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Making Sense of Rocker

ski-technology-timy-duttonSquaw skier Timy Dutton demonstrates how rocker works. Photo by Keoki Flagg. Click on either image to enlarge.                                                               ski-shapesTraditional cambered skis are great on hard snow (they glide well and distribute edge pressure), but problematic in softer conditions, where they dive beneath the surface. Reverse camber, or rocker, skis solve this problem by curving upward at the tip and tail, popping the ski to the surface. The technology turns tricky soft or crusted snow into smooth surfing. From tight trees to open runs filled with face shots, it makes skiing deep snow easier. Period.


Rocker. Camber. Elongated Low Profile. Auto Turn. CAMROCK. Early rise. Elf Shoe Technology. BS? No, not really, but muddling marketing jargon can confuse the hell out of all of us. Here’s a quick breakdown to help sort out the mess.


Traditional Camber. The middle of the ski arcs up under the boot. When traditionally cambered skis are weighted, pressure is distributed out towards the tip and tail. This creates the ultimate in hard snow grip and glide. Camber falters in soft snow, however, because it can cause tip dive.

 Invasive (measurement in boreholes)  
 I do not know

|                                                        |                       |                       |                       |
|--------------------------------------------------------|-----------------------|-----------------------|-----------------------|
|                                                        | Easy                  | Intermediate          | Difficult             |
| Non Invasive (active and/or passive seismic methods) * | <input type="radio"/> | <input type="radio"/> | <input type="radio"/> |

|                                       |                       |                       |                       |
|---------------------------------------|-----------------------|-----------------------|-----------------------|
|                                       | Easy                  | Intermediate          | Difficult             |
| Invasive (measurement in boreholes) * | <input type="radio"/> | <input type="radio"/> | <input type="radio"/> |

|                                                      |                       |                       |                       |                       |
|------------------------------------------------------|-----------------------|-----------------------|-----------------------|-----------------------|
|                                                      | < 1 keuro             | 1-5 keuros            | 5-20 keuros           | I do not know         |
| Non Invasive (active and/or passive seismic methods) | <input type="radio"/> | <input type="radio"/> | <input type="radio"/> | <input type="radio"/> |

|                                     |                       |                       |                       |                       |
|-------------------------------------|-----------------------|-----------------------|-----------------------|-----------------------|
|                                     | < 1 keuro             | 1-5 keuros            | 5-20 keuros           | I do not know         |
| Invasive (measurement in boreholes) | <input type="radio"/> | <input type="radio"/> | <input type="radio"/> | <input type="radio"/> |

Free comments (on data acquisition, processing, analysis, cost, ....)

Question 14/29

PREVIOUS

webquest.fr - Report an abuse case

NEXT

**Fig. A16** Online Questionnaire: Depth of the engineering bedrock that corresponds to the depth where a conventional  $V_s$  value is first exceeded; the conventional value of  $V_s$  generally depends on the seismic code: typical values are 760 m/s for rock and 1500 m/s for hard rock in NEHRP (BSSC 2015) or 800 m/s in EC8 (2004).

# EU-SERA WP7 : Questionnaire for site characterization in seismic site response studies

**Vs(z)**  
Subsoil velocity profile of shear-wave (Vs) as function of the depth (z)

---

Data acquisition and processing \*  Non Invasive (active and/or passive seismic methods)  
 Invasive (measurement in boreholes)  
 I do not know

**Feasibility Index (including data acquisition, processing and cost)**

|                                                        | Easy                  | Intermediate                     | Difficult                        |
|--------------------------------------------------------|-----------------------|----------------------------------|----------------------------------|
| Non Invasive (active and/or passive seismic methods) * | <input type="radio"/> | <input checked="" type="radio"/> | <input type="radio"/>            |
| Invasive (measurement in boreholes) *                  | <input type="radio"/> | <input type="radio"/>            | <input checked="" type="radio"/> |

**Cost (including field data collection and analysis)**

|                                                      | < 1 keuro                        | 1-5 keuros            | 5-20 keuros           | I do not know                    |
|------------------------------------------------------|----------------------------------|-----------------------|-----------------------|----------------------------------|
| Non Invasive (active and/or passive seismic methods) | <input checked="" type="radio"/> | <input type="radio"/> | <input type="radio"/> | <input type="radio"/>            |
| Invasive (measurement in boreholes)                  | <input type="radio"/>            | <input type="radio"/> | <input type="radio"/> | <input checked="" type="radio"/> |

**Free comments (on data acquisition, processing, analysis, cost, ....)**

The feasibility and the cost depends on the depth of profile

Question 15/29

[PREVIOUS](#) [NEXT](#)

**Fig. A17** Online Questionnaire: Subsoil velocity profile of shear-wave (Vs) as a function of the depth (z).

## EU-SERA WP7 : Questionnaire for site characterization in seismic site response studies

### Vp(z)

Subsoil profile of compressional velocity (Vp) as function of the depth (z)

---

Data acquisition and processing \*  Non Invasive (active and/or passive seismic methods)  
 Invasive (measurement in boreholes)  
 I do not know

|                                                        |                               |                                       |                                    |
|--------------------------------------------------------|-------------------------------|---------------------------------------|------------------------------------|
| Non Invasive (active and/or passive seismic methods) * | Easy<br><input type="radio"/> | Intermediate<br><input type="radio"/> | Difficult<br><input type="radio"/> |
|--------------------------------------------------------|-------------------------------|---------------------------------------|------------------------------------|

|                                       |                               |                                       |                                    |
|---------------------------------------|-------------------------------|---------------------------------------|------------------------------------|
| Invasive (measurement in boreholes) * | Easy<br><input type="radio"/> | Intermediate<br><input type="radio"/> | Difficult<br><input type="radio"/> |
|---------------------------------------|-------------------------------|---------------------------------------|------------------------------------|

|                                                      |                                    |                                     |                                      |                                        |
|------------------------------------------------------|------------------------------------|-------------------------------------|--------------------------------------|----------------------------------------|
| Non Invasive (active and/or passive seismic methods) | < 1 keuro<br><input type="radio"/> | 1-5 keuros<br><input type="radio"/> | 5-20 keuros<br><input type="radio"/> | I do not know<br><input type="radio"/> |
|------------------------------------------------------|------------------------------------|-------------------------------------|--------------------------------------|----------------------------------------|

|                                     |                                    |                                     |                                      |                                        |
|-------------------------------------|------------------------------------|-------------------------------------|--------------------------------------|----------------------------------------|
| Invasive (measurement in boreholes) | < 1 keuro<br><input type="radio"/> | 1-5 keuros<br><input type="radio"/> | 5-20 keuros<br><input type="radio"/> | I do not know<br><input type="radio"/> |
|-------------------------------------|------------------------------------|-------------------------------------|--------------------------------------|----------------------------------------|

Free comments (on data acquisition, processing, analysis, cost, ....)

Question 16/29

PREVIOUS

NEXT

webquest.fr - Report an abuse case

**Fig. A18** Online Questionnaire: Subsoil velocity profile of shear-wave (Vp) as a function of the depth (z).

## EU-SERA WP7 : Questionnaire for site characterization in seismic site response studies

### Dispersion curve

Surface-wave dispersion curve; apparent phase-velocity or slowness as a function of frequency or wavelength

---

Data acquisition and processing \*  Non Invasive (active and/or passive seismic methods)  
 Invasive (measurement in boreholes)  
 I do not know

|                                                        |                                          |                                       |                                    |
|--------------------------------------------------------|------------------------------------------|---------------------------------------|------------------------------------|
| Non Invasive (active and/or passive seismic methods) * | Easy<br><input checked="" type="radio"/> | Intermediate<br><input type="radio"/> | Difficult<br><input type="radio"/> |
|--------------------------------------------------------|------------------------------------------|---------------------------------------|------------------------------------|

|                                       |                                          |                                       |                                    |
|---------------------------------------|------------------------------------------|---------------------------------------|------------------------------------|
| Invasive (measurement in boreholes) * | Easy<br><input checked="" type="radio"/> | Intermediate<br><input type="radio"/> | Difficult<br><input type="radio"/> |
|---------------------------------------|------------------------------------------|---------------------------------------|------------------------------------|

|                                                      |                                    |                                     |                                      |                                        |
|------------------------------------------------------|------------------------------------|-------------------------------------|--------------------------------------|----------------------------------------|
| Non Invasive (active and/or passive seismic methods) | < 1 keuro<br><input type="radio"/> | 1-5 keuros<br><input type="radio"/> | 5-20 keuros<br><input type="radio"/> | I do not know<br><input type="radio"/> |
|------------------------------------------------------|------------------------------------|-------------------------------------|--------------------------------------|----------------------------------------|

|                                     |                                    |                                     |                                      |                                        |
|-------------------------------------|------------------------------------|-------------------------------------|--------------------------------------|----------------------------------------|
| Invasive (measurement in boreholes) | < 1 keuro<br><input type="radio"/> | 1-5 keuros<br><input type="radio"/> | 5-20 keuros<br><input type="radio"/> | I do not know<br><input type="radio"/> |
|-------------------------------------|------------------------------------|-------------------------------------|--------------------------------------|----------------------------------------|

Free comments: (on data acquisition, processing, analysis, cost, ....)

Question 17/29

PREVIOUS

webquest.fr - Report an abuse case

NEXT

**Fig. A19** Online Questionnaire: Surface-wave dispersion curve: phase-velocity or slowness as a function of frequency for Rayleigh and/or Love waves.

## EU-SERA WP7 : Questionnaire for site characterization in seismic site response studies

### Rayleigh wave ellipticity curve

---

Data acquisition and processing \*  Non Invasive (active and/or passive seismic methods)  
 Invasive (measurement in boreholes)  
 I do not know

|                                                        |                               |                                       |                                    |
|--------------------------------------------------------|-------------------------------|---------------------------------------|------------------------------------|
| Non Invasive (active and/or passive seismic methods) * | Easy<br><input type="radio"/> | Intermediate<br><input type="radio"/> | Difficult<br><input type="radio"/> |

Full Rocker. When set on a flat surface, the tip and tail of the ski are elevated. Full rocker provides the ultimate in ease of use in soft snow by keeping the tips and tails above the surface, allowing skiers to pivot turns. The downside? Loss of edgehold.


Early Rise/Tip Rocker. By moving the contact point in the tip of the ski closer to the binding, skiers gain the soft snow maneuverability and easy turn initiation of rocker with the hard snow grip of traditional camber.


Full Hybrid. Camber underfoot and rocker in the tip and tail of the ski. These skis offer the float and pivotability of full rocker in soft snow, but because there’s camber underfoot it also grips hard snow reasonably well.  —Gavin Gibson

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